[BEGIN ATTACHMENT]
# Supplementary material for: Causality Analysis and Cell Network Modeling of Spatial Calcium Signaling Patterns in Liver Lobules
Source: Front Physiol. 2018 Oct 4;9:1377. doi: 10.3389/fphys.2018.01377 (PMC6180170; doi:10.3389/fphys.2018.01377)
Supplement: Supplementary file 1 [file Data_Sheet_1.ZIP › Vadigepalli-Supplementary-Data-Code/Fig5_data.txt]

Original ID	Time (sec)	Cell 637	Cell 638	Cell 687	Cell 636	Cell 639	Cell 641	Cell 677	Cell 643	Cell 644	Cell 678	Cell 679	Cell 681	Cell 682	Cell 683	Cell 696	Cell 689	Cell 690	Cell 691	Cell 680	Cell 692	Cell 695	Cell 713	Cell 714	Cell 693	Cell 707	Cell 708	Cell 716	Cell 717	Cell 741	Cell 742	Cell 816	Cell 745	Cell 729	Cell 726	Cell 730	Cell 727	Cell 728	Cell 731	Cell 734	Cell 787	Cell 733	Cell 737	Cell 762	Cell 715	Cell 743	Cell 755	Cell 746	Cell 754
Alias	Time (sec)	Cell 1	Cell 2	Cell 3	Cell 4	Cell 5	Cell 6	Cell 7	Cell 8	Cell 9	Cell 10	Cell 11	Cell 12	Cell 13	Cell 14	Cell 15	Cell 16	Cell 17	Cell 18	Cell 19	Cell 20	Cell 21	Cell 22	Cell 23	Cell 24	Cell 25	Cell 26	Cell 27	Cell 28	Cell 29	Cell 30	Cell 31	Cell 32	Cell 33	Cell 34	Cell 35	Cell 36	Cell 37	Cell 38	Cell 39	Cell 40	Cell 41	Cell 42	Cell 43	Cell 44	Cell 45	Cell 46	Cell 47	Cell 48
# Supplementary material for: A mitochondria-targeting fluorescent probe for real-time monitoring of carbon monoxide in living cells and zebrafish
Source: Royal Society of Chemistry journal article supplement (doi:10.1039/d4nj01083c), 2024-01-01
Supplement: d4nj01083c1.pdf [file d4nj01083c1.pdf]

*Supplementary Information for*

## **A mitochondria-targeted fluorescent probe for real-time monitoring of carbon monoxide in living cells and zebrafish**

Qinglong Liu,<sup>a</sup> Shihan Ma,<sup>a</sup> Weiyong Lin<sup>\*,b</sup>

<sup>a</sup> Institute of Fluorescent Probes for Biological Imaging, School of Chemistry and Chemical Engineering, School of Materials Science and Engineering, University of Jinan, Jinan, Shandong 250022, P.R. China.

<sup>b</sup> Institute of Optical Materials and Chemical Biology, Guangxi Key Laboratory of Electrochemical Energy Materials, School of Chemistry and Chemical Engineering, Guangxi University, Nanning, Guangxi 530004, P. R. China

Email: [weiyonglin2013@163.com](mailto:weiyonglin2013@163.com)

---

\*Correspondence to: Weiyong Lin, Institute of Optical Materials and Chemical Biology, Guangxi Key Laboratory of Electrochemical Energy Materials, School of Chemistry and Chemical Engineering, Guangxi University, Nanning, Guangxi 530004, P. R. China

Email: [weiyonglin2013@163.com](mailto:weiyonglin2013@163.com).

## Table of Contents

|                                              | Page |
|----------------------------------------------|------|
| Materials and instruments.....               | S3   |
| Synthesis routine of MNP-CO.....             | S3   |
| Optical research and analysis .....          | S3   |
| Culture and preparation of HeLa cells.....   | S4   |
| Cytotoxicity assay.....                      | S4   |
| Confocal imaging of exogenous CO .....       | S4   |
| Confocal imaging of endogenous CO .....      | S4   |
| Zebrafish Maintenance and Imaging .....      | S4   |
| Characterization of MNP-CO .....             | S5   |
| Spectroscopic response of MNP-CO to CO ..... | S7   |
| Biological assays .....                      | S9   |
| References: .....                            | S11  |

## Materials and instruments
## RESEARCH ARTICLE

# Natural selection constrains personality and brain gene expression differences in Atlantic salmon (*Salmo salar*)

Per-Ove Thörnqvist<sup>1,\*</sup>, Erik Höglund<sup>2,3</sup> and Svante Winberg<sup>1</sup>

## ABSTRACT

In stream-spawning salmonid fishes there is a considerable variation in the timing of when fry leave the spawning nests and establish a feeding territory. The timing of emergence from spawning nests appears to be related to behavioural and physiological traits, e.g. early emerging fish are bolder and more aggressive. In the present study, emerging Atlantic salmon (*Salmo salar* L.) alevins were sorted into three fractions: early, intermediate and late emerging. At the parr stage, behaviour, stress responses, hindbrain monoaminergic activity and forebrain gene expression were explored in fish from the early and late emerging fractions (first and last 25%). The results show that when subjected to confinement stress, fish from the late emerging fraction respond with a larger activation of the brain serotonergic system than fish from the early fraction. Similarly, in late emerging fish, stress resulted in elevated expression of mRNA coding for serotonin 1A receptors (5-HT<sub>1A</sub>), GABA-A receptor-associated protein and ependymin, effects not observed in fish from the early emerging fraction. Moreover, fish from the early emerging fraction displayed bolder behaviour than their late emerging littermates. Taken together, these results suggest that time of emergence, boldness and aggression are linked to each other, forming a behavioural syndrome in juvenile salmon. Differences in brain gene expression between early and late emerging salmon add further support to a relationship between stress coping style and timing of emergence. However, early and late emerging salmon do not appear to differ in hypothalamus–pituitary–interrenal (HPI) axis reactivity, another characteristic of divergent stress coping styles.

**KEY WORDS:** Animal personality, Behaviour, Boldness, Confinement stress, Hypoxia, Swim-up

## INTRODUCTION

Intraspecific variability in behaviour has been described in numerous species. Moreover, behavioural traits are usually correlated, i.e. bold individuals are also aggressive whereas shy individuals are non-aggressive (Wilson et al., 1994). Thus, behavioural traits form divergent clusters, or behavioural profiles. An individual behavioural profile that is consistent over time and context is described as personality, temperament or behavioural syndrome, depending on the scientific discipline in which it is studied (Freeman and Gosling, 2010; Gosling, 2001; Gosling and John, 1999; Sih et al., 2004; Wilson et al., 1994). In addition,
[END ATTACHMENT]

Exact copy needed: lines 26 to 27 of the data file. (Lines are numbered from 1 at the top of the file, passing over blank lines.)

| Confocal imaging of exogenous CO .....       | S4   |
| Confocal imaging of endogenous CO .....      | S4   |